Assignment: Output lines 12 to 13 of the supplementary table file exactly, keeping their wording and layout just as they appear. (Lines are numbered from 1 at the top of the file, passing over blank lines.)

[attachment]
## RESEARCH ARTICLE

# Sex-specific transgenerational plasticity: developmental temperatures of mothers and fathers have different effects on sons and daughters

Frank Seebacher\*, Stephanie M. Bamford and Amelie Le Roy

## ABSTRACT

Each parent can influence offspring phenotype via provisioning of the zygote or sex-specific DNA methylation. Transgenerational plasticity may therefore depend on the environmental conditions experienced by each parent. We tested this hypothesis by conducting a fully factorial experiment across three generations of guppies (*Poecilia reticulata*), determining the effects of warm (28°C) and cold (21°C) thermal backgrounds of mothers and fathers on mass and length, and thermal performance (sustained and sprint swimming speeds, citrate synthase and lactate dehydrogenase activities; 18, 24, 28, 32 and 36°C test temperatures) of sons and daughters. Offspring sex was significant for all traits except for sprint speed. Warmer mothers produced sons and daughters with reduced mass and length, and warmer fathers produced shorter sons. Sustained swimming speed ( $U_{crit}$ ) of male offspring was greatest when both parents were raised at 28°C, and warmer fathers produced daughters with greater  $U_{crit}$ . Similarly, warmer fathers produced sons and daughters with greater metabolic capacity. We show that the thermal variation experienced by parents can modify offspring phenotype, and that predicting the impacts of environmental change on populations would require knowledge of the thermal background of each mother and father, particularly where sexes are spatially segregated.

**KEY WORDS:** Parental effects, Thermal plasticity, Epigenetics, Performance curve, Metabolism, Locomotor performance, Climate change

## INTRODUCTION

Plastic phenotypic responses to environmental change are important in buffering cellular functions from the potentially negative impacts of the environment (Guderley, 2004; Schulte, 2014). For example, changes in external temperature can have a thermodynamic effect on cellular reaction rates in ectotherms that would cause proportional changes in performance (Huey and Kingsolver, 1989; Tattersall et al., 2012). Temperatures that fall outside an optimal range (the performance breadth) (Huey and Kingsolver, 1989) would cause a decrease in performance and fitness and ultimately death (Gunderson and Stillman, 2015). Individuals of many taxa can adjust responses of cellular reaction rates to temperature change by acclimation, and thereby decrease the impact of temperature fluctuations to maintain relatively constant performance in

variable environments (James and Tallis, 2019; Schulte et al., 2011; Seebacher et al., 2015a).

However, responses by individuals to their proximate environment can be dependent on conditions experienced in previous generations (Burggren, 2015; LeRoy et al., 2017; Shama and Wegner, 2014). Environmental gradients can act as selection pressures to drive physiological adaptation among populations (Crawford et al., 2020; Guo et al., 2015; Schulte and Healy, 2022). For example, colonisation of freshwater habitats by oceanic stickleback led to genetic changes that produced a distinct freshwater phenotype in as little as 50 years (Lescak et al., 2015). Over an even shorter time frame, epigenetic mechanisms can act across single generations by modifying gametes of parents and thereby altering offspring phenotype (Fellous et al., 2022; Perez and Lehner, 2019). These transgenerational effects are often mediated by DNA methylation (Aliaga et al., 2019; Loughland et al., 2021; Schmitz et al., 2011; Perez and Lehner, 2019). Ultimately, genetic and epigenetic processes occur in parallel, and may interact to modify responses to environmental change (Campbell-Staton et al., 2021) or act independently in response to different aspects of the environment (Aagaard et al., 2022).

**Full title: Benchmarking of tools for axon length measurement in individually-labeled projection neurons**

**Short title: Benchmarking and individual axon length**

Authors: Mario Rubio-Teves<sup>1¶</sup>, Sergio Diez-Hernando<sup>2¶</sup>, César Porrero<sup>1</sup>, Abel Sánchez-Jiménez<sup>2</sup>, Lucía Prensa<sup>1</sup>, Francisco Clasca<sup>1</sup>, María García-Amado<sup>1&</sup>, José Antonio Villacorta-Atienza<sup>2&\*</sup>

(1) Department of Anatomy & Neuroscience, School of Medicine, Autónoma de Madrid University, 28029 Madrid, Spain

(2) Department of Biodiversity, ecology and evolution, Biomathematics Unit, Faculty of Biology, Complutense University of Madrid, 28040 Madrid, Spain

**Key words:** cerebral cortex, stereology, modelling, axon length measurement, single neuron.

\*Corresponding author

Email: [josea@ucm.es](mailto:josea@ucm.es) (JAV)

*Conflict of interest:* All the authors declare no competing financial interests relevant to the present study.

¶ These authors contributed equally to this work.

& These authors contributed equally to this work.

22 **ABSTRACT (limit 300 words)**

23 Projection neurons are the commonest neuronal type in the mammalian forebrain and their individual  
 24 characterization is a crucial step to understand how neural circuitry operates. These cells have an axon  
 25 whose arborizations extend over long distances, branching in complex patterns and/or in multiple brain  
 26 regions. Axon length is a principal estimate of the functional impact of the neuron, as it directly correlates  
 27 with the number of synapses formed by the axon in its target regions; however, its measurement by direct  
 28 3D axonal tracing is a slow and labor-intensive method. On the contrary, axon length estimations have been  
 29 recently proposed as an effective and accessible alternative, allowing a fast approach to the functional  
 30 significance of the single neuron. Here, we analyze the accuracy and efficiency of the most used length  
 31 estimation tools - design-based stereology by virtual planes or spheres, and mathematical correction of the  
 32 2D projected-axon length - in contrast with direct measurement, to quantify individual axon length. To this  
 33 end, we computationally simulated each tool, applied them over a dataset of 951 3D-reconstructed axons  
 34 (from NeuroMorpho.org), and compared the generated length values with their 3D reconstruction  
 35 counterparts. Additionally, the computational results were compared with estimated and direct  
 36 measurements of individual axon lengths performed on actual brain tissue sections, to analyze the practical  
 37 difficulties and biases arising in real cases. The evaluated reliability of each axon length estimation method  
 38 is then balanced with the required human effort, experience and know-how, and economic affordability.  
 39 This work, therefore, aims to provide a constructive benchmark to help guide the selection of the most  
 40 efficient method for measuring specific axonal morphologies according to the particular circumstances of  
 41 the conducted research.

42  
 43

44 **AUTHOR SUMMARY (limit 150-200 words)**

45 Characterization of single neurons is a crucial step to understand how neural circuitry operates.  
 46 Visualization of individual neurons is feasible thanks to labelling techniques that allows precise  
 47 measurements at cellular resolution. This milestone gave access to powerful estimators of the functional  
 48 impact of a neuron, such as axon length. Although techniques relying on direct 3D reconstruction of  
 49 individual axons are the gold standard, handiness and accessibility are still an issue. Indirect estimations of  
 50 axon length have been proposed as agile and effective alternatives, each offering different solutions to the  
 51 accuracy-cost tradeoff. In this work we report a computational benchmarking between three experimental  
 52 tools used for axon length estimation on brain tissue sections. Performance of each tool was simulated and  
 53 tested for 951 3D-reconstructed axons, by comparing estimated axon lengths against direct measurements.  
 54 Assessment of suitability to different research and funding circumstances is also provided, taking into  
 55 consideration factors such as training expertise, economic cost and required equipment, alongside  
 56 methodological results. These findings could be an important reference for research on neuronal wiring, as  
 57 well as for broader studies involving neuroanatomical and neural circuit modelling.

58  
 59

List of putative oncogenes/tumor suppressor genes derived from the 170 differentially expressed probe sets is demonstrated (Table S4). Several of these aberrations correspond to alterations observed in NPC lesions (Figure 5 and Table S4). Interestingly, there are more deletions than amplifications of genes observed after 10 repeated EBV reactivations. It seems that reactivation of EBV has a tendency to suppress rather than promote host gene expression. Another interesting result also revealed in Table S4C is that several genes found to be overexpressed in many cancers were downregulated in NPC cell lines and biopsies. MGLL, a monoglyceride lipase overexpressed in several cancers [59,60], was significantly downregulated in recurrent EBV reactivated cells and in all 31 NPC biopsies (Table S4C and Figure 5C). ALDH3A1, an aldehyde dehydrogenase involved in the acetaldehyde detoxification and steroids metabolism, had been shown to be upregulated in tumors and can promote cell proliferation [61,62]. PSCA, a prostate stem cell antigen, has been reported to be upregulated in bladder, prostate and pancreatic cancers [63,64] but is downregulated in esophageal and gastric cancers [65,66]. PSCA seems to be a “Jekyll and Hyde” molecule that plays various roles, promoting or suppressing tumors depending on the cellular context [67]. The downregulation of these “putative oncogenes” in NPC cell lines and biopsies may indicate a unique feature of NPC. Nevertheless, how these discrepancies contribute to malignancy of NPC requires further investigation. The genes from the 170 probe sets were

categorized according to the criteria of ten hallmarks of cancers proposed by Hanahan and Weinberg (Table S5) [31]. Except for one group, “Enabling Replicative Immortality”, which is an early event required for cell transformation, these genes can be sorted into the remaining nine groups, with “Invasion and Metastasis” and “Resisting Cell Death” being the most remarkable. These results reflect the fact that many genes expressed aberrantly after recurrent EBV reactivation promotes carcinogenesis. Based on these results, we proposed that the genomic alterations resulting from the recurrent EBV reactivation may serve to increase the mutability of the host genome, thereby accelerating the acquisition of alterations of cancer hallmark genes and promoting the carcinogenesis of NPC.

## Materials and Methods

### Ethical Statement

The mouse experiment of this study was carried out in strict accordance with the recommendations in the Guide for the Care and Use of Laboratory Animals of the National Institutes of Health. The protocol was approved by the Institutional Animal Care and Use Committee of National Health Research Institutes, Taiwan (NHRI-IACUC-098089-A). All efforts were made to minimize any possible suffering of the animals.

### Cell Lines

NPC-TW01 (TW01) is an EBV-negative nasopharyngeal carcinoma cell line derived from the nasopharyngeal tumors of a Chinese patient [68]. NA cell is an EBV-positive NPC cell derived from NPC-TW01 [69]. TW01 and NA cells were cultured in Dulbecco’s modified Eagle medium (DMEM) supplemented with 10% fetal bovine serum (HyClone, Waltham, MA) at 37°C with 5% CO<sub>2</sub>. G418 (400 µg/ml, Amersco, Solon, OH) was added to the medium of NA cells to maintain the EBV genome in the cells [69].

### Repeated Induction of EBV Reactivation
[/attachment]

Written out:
**Short title: Benchmarking and individual axon length**

Authors: Mario Rubio-Teves<sup>1¶</sup>, Sergio Diez-Hernando<sup>2¶</sup>, César Porrero<sup>1</sup>, Abel Sánchez-Jiménez<sup>2</sup>, Lucía Prensa<sup>1</sup>, Francisco Clasca<sup>1</sup>, María García-Amado<sup>1&</sup>, José Antonio Villacorta-Atienza<sup>2&\*</sup>